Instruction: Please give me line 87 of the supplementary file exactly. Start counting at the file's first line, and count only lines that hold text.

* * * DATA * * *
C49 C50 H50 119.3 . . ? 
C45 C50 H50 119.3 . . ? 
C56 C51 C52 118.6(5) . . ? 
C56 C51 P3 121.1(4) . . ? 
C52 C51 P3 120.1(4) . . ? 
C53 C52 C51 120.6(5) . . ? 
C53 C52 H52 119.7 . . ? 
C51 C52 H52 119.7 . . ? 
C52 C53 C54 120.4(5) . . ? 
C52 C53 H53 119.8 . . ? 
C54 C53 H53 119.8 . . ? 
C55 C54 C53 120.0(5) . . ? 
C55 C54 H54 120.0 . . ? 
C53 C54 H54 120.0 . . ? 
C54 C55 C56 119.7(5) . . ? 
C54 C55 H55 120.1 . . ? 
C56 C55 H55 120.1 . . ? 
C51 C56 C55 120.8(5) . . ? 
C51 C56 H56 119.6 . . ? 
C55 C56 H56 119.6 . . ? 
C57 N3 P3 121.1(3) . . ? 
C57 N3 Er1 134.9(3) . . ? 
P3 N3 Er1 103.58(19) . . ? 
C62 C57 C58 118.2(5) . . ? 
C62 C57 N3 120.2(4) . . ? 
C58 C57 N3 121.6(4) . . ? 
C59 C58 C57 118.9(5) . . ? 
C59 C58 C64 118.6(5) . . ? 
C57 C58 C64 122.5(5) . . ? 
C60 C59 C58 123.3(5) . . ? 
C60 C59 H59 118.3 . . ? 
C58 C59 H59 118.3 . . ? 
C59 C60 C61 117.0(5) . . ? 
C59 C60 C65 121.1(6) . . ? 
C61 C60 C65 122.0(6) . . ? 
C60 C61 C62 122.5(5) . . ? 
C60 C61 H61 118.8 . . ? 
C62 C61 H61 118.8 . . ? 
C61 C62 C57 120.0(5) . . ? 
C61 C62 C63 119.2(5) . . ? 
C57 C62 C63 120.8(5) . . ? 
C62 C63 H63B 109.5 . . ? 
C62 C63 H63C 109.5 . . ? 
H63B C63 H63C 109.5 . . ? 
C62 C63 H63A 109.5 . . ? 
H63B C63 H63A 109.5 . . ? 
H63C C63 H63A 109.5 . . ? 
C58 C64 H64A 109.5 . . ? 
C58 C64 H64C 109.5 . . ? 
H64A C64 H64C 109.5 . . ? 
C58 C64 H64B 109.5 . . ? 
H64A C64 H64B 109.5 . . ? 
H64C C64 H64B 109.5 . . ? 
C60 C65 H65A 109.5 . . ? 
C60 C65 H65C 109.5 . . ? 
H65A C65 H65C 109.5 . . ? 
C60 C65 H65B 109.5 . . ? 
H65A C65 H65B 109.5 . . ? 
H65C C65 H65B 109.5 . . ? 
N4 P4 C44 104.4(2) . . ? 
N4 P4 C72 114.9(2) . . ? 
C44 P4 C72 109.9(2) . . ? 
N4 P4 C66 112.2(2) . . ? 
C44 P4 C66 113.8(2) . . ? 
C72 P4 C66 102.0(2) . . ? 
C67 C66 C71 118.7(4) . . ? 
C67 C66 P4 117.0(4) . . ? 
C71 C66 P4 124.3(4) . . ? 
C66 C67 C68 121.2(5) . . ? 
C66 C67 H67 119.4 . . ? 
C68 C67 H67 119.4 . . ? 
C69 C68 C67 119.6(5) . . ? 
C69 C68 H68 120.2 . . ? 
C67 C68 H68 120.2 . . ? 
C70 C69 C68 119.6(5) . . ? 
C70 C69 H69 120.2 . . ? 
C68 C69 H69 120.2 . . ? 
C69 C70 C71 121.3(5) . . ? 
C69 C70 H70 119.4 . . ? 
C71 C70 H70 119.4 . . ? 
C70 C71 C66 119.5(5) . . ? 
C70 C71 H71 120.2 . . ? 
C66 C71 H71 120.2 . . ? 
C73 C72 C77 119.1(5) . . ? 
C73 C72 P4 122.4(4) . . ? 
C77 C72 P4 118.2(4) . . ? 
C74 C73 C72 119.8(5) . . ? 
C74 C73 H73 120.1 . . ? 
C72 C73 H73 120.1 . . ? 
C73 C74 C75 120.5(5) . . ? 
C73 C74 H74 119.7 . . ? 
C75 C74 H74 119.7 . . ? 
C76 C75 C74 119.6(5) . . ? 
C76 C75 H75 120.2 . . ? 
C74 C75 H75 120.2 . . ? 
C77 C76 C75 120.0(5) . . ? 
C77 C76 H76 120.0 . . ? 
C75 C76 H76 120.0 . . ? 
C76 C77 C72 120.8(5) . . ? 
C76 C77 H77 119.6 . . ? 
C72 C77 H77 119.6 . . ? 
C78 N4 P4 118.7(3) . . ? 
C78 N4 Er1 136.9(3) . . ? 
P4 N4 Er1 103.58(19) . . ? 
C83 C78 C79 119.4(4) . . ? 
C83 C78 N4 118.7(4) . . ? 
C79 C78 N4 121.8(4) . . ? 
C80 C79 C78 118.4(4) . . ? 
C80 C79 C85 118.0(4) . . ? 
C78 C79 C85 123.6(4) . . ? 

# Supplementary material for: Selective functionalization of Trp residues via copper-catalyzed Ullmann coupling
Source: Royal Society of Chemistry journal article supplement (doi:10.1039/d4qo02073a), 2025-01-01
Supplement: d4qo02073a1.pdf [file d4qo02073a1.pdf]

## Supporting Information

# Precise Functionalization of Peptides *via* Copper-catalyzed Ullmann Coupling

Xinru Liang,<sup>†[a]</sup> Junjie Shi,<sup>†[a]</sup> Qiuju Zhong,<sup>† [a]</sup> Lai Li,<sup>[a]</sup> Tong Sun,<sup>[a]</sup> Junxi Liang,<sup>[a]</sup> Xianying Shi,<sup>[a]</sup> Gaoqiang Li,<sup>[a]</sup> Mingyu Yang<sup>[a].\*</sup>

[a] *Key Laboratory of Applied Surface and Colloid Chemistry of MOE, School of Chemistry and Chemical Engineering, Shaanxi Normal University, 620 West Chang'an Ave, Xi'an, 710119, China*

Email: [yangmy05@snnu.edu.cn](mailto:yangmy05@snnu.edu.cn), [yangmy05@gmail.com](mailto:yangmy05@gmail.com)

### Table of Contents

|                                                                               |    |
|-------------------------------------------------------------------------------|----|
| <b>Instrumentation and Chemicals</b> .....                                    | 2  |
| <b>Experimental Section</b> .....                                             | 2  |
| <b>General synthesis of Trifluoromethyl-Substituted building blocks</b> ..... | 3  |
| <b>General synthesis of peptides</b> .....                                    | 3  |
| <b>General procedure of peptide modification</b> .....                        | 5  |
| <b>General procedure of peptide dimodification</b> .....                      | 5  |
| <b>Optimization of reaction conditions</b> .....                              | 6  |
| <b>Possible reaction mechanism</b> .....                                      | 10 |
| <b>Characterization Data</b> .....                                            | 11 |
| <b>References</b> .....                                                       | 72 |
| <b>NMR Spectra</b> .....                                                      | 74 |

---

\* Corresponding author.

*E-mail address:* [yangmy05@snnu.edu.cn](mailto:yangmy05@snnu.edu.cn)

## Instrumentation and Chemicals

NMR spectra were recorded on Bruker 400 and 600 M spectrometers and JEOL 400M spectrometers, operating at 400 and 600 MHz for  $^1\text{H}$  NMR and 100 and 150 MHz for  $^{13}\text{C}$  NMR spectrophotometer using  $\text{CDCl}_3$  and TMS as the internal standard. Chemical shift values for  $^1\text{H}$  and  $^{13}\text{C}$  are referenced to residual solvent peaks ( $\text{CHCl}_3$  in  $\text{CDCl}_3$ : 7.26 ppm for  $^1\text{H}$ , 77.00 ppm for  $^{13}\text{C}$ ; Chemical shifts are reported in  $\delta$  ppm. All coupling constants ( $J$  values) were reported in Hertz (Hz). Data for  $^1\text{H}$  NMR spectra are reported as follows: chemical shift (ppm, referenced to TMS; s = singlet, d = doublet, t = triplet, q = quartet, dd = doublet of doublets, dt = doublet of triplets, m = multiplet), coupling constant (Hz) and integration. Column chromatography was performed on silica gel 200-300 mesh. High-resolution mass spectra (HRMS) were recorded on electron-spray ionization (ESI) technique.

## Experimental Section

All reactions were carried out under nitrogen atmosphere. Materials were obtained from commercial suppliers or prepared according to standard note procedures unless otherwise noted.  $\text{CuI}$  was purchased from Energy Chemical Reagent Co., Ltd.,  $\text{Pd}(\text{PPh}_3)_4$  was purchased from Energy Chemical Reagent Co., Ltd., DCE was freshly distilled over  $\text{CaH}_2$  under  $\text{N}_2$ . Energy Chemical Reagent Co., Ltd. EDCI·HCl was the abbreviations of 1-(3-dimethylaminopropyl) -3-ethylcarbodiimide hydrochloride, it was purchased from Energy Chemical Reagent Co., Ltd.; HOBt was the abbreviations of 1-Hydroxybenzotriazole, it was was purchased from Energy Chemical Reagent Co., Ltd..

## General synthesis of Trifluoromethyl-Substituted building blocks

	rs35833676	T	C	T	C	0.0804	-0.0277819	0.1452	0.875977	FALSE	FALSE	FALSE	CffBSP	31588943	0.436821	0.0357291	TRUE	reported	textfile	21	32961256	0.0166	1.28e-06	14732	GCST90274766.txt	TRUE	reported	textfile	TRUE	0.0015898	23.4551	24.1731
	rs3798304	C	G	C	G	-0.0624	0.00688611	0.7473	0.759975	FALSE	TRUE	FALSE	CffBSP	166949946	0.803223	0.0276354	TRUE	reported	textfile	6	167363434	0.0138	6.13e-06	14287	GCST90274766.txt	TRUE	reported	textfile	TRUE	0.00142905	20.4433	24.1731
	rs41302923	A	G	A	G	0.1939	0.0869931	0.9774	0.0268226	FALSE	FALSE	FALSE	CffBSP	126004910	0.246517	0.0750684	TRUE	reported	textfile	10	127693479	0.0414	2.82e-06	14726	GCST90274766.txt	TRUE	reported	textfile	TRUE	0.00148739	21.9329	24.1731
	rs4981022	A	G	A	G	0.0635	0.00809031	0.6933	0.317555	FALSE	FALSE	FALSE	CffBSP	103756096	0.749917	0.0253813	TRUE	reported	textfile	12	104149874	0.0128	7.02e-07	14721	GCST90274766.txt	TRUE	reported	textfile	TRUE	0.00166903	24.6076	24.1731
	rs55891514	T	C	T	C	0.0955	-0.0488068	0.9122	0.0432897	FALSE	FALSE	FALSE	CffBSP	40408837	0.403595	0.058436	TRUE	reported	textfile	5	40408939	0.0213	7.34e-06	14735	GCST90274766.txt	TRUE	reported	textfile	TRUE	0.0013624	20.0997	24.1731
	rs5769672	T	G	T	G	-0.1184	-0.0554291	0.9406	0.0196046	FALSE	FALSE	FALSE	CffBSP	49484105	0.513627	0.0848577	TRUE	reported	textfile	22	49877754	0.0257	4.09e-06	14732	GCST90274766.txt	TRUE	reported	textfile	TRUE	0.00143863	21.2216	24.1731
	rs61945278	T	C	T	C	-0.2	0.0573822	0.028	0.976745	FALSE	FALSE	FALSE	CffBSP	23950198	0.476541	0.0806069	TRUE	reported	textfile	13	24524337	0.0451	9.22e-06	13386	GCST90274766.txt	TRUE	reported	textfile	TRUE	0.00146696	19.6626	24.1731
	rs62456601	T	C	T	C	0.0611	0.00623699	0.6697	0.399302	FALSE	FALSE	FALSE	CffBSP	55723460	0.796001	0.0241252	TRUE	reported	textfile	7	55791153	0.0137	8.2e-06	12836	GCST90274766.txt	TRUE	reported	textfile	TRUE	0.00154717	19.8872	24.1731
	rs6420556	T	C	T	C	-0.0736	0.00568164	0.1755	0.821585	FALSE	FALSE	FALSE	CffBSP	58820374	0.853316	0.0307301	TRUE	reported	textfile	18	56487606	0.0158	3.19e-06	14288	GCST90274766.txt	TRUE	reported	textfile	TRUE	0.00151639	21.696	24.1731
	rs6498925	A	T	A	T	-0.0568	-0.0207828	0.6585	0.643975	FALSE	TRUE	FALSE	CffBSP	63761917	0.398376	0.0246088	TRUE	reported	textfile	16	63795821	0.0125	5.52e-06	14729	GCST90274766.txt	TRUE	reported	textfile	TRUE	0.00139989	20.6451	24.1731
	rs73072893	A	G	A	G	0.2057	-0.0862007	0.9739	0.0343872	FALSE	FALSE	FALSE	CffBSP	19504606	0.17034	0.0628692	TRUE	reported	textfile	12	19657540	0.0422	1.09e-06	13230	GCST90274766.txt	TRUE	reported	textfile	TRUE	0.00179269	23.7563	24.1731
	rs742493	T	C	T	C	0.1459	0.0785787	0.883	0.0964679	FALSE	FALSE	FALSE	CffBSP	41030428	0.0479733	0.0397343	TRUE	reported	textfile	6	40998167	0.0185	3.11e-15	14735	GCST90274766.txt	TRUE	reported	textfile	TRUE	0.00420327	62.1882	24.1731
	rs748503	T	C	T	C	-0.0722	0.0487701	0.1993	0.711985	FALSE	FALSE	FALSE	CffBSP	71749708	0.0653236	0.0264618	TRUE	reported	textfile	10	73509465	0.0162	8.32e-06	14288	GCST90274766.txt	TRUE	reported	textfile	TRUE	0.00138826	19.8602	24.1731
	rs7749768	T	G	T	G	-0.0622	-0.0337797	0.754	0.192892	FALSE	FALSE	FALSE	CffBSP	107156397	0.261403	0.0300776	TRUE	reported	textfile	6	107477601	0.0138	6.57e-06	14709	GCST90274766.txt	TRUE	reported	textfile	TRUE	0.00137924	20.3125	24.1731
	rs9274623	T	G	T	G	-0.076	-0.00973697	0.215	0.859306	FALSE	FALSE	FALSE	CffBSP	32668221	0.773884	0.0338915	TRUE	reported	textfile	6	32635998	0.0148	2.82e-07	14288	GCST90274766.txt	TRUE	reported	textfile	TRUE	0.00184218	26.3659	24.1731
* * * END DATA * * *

C74 C73 C72 119.8(5) . . ? 